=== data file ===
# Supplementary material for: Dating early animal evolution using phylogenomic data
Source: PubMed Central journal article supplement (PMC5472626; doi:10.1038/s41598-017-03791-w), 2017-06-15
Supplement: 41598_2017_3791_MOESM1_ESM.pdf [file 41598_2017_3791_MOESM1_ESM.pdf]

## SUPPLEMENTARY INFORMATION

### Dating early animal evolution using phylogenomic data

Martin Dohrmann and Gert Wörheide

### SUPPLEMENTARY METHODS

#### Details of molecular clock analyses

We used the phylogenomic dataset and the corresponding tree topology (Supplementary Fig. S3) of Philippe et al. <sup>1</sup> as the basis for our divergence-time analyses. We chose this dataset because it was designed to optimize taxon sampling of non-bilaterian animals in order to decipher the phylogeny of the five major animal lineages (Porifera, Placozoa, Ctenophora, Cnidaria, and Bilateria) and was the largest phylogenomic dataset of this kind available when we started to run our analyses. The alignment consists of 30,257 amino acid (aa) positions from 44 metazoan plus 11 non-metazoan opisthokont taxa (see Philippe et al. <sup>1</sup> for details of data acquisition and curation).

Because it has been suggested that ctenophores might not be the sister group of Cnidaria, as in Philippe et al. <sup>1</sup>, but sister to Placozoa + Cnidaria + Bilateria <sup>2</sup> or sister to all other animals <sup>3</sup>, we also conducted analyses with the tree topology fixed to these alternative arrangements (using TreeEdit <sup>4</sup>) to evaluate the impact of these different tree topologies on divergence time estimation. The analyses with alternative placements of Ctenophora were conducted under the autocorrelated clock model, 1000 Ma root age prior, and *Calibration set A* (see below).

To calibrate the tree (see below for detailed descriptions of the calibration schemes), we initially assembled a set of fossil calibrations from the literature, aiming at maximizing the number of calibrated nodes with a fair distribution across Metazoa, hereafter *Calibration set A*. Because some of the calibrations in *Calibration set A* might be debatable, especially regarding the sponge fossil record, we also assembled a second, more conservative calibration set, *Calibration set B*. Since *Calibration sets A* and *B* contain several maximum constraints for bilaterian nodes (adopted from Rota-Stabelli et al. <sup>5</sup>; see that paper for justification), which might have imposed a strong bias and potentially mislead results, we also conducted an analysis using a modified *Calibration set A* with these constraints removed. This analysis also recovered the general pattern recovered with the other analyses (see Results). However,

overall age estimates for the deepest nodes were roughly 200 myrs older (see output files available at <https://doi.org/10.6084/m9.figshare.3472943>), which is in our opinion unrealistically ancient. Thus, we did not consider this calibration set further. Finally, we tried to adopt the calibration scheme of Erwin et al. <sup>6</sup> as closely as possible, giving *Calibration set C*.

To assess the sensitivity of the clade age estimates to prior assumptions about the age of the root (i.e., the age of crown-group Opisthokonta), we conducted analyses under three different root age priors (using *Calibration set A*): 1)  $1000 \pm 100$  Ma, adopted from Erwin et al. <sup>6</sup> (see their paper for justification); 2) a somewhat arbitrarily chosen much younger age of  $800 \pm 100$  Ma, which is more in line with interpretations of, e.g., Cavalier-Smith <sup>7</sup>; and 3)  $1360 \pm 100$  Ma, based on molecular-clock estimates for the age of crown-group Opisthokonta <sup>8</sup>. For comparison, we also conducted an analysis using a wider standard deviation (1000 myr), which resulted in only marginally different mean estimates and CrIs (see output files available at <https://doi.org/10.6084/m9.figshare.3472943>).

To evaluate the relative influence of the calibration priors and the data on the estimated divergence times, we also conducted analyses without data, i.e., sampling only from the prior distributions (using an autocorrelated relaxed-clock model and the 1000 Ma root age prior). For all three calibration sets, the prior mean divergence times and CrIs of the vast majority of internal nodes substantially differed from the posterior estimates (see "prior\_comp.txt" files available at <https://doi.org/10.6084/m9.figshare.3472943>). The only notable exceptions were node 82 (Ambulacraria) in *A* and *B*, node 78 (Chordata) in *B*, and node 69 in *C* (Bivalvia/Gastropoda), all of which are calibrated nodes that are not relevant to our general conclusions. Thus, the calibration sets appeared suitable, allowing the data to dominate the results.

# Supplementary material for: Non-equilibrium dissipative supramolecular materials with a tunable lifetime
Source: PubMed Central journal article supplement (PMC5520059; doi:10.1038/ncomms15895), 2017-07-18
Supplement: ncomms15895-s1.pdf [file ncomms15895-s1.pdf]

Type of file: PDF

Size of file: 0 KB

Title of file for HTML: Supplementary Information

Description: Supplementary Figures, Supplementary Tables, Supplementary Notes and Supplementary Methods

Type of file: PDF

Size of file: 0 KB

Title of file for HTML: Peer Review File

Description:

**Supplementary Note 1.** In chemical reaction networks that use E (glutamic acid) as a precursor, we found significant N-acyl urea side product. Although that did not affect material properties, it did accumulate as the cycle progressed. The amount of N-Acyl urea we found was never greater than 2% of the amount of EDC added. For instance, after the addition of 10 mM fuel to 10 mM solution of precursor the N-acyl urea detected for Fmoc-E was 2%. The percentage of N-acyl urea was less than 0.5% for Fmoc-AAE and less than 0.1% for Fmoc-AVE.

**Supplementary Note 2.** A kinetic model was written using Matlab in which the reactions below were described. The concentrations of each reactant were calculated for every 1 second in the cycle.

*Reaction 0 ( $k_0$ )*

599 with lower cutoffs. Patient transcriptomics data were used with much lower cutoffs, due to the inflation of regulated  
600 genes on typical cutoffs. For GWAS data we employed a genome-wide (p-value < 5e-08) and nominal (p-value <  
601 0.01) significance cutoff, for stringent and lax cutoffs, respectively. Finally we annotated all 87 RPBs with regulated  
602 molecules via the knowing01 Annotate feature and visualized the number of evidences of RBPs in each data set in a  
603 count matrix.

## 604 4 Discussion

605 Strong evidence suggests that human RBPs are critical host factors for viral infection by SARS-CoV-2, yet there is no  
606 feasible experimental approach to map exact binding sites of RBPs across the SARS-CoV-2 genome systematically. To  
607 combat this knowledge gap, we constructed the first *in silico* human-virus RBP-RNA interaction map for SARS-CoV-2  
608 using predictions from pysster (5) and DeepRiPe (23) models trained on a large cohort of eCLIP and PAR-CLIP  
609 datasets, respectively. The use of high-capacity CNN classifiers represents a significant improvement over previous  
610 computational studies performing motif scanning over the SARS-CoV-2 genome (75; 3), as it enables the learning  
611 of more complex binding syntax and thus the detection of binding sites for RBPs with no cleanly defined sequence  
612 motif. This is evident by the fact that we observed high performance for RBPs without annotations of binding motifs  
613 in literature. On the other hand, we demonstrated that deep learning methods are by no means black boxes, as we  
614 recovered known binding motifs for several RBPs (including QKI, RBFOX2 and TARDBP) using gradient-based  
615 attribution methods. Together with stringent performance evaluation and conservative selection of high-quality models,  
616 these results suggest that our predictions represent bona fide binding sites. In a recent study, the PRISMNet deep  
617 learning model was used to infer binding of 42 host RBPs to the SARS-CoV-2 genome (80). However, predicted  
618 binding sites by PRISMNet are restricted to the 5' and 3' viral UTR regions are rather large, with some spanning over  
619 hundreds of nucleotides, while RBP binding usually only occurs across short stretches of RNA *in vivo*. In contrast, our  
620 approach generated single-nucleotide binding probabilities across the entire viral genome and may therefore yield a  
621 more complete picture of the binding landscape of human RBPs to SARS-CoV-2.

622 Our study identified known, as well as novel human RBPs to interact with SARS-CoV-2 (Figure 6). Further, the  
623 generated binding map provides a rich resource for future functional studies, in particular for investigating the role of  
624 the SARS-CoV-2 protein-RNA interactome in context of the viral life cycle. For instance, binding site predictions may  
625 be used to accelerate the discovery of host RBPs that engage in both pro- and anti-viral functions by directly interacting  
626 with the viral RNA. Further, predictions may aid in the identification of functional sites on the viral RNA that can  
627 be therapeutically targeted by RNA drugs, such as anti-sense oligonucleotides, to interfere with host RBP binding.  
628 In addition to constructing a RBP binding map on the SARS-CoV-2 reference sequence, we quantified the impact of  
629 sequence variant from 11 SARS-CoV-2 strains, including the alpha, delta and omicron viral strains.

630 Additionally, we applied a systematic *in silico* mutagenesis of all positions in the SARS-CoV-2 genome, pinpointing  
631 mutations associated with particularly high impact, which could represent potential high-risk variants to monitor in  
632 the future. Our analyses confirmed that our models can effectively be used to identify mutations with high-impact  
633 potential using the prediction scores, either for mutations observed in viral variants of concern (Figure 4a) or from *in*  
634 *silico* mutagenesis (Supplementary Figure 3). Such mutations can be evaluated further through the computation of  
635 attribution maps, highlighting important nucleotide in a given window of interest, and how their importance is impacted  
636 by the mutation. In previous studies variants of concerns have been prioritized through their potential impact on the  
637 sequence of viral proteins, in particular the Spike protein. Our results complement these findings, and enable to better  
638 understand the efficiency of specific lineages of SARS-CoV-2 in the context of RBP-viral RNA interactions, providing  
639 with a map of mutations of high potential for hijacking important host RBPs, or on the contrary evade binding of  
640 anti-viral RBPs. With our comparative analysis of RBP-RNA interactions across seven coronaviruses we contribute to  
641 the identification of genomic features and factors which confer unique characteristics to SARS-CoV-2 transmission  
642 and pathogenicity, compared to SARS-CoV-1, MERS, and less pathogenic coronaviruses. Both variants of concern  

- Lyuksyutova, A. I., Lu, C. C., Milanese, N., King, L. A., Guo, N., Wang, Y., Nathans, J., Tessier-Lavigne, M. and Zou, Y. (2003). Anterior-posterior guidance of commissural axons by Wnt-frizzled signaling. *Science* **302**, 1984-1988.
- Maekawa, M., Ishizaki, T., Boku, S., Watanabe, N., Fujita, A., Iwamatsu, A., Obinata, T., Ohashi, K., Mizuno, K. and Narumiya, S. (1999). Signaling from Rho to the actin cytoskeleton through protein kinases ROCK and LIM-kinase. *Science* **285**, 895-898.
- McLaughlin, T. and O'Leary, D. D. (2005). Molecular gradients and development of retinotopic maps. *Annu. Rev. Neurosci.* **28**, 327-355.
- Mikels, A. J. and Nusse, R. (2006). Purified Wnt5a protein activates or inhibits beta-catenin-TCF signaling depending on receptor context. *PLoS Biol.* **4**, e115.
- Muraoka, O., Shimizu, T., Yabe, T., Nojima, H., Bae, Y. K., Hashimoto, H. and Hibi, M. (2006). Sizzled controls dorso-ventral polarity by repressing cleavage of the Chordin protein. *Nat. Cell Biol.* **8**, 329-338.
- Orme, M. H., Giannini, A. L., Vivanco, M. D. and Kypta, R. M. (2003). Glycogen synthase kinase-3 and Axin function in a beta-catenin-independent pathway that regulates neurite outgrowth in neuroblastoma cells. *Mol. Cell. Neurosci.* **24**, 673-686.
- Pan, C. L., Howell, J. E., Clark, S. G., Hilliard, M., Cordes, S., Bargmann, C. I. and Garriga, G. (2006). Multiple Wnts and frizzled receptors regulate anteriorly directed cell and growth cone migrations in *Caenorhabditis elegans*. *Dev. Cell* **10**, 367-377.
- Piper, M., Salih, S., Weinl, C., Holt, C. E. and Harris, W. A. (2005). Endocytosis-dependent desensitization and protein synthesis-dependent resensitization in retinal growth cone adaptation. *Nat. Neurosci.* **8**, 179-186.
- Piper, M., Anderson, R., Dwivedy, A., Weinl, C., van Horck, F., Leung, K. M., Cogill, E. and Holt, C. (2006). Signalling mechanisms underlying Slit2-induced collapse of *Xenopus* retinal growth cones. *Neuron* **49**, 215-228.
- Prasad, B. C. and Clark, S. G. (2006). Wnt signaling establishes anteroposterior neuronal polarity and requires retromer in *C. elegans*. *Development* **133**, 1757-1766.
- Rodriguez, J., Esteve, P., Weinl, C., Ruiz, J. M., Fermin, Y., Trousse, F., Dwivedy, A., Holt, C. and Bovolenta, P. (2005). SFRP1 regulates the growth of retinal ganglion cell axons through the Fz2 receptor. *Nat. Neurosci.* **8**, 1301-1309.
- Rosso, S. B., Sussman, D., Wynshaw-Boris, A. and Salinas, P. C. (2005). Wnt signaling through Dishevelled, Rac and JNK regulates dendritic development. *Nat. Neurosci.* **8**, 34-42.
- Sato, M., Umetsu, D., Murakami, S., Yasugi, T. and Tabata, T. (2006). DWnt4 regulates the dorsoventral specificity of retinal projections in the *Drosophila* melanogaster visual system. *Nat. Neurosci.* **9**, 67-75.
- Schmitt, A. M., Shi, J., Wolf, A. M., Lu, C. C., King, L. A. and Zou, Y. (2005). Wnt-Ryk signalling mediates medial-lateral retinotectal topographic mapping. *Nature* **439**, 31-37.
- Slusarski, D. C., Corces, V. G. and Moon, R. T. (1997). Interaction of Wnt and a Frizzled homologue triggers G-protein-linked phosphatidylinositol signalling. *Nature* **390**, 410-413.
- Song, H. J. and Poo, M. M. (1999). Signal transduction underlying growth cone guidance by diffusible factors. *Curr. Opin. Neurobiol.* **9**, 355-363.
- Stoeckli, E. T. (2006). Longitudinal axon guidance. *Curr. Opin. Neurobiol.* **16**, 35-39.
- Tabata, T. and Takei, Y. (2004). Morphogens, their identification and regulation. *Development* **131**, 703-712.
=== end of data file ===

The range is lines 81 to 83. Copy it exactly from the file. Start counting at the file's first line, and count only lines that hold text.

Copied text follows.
- Piper, M., Anderson, R., Dwivedy, A., Weinl, C., van Horck, F., Leung, K. M., Cogill, E. and Holt, C. (2006). Signalling mechanisms underlying Slit2-induced collapse of *Xenopus* retinal growth cones. *Neuron* **49**, 215-228.
- Prasad, B. C. and Clark, S. G. (2006). Wnt signaling establishes anteroposterior neuronal polarity and requires retromer in *C. elegans*. *Development* **133**, 1757-1766.
- Rodriguez, J., Esteve, P., Weinl, C., Ruiz, J. M., Fermin, Y., Trousse, F., Dwivedy, A., Holt, C. and Bovolenta, P. (2005). SFRP1 regulates the growth of retinal ganglion cell axons through the Fz2 receptor. *Nat. Neurosci.* **8**, 1301-1309.